Some US natural gas liquefaction capacity likely will be temporarily shut before the end of the decade
"It's very hard to say if capacity will shut down, but, based on what we know, I don't see how else the market clears," BP chief commercial officer Jimmy Straughan said on the sidelines of CWC's LNG Americas Summit in Houston.
One of the advantages of US LNG is that customers have the option to not take LNG if they don't want it, leading to the possibility that US liquefaction trains would sometimes be shut when global LNG prices are low.
Shutdowns most likely would start in 2018 or 2019, when the current supply glut is expected to widen, Straughan said. New liquefaction capacity being built in the US and Australia will outstrip global demand growth through 2020, he said. The global market is expected to balance in the mid-2020s with increased demand.
BP has a 20-year contract for liquefaction capacity of 4.4mn t/yr, equivalent to about 600mn cf/d (17mn cu m/d) of gas, from the Freeport LNG terminal being built in Texas. BP's capacity would come from train 2, expected to start operating in early 2019.
Shutdowns likely would not be frequent because European gas prices only need to be slightly higher than US Henry Hub prices for US LNG to head to Europe, widely seen as the market of last resort. The required premium would depend on a number of factors, but it could be as low as 20 cents/mmBtu if shippers that own various parts of the value chain have long-term contracts for such assets, he said.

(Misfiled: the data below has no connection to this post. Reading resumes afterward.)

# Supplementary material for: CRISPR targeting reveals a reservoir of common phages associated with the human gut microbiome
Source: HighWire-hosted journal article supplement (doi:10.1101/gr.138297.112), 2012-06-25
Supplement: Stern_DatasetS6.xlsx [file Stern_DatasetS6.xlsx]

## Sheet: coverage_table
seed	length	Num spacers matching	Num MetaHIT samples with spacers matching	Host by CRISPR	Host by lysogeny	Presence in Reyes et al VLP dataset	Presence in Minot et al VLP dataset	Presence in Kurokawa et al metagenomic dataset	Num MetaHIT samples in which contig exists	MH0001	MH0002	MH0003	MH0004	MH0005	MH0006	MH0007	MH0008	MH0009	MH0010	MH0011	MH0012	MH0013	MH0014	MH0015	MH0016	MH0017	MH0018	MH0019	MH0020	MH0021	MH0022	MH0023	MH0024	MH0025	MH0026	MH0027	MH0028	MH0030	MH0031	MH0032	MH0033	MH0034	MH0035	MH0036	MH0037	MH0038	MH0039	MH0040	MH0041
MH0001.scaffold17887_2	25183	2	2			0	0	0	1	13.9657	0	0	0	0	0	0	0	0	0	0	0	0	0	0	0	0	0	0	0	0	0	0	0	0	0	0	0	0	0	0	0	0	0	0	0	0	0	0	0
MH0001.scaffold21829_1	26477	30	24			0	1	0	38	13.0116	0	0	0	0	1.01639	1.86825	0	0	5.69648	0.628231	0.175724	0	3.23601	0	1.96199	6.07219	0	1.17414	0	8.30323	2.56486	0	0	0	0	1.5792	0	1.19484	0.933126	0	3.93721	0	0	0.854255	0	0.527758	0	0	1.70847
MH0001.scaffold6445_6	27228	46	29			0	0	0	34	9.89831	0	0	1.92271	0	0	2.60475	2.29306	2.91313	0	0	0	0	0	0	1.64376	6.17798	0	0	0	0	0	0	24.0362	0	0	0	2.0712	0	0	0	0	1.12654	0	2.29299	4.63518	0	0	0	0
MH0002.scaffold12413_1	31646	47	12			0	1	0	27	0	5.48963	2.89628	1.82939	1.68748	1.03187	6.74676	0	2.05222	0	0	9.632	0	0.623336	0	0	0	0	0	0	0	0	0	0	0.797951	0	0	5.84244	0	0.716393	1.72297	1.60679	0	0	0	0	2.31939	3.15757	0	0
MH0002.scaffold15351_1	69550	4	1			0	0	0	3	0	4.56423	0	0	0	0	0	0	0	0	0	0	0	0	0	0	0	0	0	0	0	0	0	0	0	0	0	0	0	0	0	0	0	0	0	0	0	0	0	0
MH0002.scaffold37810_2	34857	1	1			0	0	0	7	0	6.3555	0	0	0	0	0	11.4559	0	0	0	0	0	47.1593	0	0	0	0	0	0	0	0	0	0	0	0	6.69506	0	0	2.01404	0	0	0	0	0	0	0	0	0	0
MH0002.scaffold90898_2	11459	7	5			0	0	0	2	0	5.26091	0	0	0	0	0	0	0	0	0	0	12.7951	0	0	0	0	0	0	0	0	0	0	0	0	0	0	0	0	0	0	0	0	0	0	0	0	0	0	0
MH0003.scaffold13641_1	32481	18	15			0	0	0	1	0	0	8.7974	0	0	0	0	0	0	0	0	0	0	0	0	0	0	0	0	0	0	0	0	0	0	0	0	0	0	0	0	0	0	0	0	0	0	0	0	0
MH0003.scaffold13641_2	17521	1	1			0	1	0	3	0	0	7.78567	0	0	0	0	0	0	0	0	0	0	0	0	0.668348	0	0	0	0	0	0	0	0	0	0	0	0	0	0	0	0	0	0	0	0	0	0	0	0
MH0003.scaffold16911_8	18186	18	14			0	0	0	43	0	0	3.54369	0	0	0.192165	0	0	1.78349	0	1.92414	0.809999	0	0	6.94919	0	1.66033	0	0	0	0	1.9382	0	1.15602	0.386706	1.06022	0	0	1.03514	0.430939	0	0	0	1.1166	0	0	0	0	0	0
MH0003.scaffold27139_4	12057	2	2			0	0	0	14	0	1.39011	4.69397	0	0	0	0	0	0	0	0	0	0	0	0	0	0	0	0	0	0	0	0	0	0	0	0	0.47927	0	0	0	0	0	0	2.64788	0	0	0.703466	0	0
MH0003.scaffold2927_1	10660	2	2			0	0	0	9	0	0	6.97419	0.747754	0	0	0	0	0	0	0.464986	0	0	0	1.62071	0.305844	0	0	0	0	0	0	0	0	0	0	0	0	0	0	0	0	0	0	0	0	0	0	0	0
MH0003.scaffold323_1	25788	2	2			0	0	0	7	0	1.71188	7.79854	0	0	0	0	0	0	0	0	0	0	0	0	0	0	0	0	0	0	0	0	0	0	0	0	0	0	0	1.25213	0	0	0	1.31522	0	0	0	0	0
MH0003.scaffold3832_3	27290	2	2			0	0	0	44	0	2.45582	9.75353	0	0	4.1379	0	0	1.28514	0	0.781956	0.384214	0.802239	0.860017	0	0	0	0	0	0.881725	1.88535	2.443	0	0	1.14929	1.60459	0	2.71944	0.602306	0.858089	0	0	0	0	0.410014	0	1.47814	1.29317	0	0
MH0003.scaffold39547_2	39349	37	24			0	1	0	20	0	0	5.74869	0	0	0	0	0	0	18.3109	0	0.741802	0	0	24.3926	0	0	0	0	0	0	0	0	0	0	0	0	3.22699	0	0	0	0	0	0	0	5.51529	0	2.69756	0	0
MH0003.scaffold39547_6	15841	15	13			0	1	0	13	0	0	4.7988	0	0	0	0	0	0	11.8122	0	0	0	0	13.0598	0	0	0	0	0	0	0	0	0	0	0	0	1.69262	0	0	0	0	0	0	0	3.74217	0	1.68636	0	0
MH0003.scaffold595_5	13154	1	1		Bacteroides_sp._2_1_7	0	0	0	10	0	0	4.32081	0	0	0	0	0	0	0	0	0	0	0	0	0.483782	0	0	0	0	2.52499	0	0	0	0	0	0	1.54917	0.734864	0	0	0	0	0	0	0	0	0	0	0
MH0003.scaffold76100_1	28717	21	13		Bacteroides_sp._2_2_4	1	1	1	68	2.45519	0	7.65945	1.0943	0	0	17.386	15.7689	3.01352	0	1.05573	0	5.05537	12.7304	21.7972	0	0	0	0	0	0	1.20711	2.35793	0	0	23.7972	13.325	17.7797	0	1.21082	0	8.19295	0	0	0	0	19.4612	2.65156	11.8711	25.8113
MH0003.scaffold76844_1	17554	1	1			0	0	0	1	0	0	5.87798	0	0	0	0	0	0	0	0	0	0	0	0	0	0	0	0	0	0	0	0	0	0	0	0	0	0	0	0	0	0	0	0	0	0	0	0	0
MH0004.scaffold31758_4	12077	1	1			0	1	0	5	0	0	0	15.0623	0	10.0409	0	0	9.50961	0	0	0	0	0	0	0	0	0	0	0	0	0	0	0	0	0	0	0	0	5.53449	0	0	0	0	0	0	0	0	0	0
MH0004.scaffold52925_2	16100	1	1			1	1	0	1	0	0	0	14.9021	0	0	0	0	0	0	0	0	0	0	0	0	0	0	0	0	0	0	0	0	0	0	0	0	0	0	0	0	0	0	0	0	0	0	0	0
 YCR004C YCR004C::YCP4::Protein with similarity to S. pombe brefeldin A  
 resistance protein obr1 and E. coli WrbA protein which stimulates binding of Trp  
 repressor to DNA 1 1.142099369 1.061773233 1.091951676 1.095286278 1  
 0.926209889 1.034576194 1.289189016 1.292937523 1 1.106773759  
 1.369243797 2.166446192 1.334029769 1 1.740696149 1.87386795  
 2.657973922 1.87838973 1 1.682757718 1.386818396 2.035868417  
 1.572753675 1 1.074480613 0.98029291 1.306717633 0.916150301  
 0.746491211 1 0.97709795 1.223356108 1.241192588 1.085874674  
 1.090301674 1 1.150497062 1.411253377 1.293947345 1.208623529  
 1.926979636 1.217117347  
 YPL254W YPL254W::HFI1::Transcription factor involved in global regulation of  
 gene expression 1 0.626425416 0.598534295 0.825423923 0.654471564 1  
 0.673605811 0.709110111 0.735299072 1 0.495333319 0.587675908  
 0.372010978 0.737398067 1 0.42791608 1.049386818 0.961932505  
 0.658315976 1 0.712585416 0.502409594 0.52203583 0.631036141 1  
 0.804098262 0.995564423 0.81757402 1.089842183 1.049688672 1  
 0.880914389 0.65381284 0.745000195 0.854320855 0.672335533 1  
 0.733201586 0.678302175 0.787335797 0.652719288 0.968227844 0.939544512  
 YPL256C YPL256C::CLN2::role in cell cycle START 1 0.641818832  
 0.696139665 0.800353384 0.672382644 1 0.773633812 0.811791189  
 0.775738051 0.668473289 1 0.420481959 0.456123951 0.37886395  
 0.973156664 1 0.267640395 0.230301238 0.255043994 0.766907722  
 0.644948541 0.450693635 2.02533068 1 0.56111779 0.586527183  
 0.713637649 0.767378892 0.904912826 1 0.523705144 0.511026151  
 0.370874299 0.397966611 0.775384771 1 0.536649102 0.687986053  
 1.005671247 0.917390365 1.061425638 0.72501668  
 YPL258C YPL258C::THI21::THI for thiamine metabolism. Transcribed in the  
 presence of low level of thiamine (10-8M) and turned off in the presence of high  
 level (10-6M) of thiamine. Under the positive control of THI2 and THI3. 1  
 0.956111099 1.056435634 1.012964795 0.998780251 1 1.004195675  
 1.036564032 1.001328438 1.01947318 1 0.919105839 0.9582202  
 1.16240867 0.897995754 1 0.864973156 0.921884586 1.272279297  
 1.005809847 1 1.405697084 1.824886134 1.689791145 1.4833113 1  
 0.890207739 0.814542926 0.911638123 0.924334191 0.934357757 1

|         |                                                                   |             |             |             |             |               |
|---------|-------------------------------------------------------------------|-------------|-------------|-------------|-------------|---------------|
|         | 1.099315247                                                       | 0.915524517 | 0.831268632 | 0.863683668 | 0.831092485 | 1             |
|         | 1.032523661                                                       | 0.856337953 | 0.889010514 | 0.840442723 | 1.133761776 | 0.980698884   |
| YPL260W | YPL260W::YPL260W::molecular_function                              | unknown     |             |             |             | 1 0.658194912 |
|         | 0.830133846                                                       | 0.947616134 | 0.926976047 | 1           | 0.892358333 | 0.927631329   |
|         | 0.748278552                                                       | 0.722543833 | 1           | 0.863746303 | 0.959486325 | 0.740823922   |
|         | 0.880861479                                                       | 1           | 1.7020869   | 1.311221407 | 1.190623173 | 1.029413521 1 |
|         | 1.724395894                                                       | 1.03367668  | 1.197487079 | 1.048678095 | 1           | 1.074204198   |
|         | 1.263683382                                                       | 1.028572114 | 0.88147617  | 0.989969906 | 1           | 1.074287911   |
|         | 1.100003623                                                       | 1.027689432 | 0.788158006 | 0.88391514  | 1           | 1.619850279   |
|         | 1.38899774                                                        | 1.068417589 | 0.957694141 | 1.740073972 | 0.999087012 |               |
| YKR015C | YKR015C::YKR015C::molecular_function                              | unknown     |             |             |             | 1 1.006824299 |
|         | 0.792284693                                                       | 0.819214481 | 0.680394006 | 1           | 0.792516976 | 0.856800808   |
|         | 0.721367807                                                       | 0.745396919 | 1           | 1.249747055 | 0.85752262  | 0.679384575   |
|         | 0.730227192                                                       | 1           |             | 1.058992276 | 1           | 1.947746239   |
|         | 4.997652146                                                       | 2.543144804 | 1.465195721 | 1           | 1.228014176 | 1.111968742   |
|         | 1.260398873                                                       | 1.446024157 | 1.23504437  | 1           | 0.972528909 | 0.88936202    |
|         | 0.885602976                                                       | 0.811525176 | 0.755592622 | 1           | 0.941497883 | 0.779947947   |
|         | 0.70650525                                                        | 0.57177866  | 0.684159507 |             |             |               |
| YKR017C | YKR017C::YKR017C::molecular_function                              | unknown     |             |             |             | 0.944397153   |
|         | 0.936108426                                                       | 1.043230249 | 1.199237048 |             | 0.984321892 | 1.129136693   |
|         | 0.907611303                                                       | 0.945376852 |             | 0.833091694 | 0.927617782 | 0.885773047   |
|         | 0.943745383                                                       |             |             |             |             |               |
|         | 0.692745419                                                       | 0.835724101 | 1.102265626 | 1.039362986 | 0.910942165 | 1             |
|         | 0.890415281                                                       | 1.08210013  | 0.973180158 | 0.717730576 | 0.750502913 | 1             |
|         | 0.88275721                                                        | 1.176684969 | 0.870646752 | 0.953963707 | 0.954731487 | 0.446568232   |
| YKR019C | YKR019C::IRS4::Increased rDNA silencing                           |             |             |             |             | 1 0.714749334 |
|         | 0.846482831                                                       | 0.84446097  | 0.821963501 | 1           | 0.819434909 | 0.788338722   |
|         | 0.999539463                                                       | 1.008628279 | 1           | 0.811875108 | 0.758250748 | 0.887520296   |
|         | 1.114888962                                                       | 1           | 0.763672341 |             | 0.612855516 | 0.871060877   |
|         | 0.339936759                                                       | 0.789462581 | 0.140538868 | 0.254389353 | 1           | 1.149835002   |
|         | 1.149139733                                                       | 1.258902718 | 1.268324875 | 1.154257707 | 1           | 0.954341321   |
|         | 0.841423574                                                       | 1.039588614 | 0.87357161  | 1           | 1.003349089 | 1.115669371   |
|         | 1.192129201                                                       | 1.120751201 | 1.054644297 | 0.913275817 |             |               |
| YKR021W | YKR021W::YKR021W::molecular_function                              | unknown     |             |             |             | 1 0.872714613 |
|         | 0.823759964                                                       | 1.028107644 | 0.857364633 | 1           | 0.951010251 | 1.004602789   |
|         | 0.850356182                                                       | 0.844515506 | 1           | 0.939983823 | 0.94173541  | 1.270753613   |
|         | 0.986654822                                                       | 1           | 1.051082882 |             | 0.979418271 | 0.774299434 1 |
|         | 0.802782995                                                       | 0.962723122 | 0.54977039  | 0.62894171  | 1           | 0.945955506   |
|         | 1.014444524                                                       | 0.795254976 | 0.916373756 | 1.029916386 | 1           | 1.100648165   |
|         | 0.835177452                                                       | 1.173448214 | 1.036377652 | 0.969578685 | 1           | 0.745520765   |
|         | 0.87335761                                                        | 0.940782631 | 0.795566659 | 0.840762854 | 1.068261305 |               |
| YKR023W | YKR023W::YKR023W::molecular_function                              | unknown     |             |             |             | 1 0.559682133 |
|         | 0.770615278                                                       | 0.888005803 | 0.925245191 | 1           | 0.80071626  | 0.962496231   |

Officials from Cheniere Energy have said it is possible US LNG could be exported even if European gas prices are lower than Henry Hub prices, because of the advantage of having destination flexibility from US LNG and potential logistical problems of turning off US liquefaction capacity. Cheniere's Sabine Pass LNG terminal in Louisiana started exporting in February 2016 and its Corpus Christi LNG facility in Texas is expected to come on line in 2018 or 2019.
"It would be very difficult to shut and reopen liquefaction trains if prices move quickly because of storage," Cheniere chief commercial officer Anatol Feygin said.
Some traders have said European gas prices need a premium of about $2/mmBtu to the Henry Hub to attract US LNG. Straughan said such projections assume US LNG customers would need to acquire various infrastructure on the spot market, including shipping, European regasification capacity and European pipeline capacity.
A number of US LNG customers are major global traders that own or have long-term contracts for such infrastructure and can treat them as sunk costs, he said.